Implementing GraphQL Relay Node support in Hot Chocolate

What is Relay?

The GraphQL spec isn’t very prescriptive on the structure of your schema leaving the design completely in your hands. This means we’re likely to see quite a few different approaches to certain patterns between different services. One specification that has become pretty common across services is Relay.

If you check out their webpage you’ll notice that it advertises itself with

Relay is a JavaScript framework for building data-driven React applications powered by GraphQL, designed from the ground up to be easy to use, extensible and, most of all, performant. Relay accomplishes this with static queries and ahead-of-time code generation.

In order to achieve this Relay has to make some assumptions about the structure of your GraphQL service, these are documented at GraphQL Server Specification. We won’t described it in detail here but ultimately it covers three areas.

  1. Being able to fetch arbitrary objects by id.
  2. Paging one to many relationships between objects.
  3. Mutation inputs and paylods.

For this post we’ll cover implementing part of this specification using Hot Chocolate, in particular the first requirement around arbitrary objects by id.

The server specific defines an interface Node to designate service objects and being able to accessed globally by id.

interface Node {
    id: ID!

Objects implementing this interface may look something like

type Product implements Node {
    id: ID!
    name: String!
    category: ProductCategory!

type Order implements Node {
    id: ID!
    customer: Customer!
    createdOn: Instant!

The specification also defines a top level query field that takes an ID and returns a Node.

type Query {
    node(id: ID!): Node

This would allow to construct queries that look like

query {
    node(id: "Tm90aWZpY2F0aW9uCmQxNTox") {
        ... on Product {

It should be obvious from this that the id values for each our nodes should be globally unique.

So what’s the value here? This patterns means we may not need to build top level fields to query different objects by id but all can go through this node field. In provides standards around identifiers as well.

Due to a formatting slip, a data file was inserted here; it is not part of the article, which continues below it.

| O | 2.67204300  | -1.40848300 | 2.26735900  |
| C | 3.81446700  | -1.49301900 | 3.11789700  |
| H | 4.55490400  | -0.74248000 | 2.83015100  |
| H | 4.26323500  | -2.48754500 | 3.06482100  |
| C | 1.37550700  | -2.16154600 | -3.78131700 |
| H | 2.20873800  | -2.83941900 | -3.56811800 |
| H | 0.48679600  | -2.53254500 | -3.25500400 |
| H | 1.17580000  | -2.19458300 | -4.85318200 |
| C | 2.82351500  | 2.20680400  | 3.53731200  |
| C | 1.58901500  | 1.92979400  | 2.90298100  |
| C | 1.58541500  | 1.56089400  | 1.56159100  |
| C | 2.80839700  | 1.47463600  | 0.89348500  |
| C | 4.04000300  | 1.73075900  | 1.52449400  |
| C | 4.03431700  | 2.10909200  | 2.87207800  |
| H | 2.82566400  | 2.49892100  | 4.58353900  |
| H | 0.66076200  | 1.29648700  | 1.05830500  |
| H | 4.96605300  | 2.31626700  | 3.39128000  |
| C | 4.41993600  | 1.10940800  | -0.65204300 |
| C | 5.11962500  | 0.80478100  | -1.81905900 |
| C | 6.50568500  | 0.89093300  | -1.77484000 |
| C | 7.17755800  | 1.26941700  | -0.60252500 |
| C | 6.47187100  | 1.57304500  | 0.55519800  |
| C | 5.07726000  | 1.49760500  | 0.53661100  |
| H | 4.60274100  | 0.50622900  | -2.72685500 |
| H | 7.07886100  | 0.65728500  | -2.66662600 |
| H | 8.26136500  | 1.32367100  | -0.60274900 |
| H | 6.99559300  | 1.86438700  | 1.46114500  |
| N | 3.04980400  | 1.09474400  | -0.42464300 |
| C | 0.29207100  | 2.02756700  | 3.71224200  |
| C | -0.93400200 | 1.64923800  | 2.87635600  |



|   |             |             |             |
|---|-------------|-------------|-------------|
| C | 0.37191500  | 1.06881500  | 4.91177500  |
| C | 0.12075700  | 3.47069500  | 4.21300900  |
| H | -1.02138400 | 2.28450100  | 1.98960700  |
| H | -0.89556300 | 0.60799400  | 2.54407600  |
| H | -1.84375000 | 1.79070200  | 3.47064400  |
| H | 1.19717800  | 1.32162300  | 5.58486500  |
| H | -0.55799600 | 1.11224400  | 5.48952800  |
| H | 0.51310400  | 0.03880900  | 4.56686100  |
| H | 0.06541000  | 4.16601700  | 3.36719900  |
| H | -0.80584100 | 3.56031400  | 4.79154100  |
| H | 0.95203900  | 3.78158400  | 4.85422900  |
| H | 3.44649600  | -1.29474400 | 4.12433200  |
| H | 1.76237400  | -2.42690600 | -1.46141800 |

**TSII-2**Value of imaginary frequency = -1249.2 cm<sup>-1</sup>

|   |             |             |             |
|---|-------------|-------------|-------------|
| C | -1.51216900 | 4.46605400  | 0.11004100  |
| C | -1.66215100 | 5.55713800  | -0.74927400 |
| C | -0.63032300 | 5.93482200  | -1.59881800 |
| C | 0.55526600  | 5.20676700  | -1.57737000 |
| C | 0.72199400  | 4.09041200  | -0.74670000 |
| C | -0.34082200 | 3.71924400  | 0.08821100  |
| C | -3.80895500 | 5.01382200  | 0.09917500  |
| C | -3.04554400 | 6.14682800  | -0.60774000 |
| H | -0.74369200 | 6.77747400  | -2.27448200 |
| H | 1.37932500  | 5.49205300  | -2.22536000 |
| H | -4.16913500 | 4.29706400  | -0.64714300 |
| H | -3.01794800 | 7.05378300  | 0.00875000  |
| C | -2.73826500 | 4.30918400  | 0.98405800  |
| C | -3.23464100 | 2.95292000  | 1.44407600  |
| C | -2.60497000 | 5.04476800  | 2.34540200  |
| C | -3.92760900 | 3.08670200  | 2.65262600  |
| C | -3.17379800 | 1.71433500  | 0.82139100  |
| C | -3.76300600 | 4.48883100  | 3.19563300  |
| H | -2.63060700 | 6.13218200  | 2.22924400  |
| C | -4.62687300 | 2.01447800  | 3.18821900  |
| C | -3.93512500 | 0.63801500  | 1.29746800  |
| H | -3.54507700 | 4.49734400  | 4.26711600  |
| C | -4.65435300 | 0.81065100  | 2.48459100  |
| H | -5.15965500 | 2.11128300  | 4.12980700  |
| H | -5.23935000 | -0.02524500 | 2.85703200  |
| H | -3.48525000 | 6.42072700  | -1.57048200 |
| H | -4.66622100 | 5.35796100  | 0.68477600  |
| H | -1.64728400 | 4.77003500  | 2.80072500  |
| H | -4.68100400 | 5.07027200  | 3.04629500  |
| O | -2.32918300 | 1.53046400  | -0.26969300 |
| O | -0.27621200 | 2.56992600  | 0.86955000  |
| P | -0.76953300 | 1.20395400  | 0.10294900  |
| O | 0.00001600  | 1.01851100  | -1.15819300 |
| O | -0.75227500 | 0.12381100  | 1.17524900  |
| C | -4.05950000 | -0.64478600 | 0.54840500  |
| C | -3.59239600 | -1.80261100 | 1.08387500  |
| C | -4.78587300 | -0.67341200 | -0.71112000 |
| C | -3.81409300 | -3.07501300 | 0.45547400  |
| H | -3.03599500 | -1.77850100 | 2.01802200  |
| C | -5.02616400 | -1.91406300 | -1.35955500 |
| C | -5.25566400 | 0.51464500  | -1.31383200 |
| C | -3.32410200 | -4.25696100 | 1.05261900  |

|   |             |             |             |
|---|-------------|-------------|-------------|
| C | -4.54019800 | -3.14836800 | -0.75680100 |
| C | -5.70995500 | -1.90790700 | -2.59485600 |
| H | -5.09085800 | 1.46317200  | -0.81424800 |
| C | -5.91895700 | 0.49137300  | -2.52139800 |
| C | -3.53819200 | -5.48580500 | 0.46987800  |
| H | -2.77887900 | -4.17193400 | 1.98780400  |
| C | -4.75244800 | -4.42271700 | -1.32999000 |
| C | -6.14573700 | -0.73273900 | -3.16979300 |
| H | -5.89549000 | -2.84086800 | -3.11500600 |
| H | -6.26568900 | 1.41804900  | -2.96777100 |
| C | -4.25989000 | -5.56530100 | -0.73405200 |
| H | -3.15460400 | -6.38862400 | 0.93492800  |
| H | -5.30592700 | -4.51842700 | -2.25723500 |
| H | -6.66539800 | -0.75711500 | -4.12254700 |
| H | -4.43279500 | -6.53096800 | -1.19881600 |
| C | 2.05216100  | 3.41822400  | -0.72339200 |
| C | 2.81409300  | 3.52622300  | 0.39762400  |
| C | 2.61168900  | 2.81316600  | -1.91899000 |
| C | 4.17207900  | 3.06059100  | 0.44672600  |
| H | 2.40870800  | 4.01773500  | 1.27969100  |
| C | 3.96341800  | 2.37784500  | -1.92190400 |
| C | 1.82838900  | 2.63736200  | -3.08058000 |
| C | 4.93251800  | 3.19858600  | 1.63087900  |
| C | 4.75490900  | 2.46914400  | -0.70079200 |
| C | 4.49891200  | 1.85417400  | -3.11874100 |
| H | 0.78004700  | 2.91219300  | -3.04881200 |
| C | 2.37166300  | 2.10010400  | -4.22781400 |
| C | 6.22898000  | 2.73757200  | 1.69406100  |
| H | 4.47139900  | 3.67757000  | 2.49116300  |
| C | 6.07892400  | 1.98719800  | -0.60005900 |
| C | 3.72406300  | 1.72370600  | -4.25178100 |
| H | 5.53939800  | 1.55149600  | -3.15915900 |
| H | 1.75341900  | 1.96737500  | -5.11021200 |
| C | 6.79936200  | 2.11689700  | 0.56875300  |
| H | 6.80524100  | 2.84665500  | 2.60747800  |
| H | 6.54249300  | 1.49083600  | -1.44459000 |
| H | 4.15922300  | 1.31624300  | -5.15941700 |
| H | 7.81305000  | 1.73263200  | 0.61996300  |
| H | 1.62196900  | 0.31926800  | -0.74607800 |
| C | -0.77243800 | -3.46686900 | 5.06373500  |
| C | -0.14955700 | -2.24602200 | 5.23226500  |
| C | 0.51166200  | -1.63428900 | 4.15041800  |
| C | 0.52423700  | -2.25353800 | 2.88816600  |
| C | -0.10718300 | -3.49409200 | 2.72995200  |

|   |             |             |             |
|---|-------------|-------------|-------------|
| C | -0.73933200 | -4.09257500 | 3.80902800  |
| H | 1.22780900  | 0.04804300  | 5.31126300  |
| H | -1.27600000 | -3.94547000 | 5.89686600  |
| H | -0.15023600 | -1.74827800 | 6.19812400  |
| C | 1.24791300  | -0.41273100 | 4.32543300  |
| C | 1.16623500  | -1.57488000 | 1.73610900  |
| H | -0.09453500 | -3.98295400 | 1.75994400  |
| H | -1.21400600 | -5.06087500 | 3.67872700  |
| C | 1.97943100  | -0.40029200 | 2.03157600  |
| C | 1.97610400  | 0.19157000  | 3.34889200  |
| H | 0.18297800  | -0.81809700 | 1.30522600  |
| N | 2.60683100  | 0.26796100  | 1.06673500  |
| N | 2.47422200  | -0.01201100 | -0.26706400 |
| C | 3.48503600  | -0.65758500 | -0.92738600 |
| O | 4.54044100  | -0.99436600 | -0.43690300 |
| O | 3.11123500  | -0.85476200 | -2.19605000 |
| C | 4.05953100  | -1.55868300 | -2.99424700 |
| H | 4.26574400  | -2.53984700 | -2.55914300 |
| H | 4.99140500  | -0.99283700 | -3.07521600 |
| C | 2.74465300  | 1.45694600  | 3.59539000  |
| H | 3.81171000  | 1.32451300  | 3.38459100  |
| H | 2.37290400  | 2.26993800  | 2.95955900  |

Implementing in Hot Chocolate

Our first step will be enabling Relay functionality on our server, this is done during our server setup.


Once this is done we can no add Node support to any of our types. Let’s assume we have a ProductType class describing Product.

public class ProductType : ObjectType<Product>
     protected override void Configure(IObjectTypeDescriptor<Product> descriptor)
            .IdField(n => n.Id)
            .ResolveNode(async (context, id) =>
                var productRepository = context.Service<IProductRepository>();

                return await productRepository.GetById(id);

Here we’re doing three things.

  1. Saying that Product will implement the Node interface.
  2. Describe which property on the Product will be used for the
  3. A resolver to take the id and return the Product.

So what is Hot Chocolate doing here?

It’s adding a field id to the Product object the resolves to creating a globally unique identifier. It does this by encoding the type information into the id. For instance if internally our product id was the integer 42 then on our GraphQL service the id value will look something like UHJvZHVjdAppNDI= which decoded includes the type as well as the id. This also means that when the a query to the node field is resolved because the id contains the type information then it can route the query to the resolver in question.

In later posts we’ll talk about connections and mutations.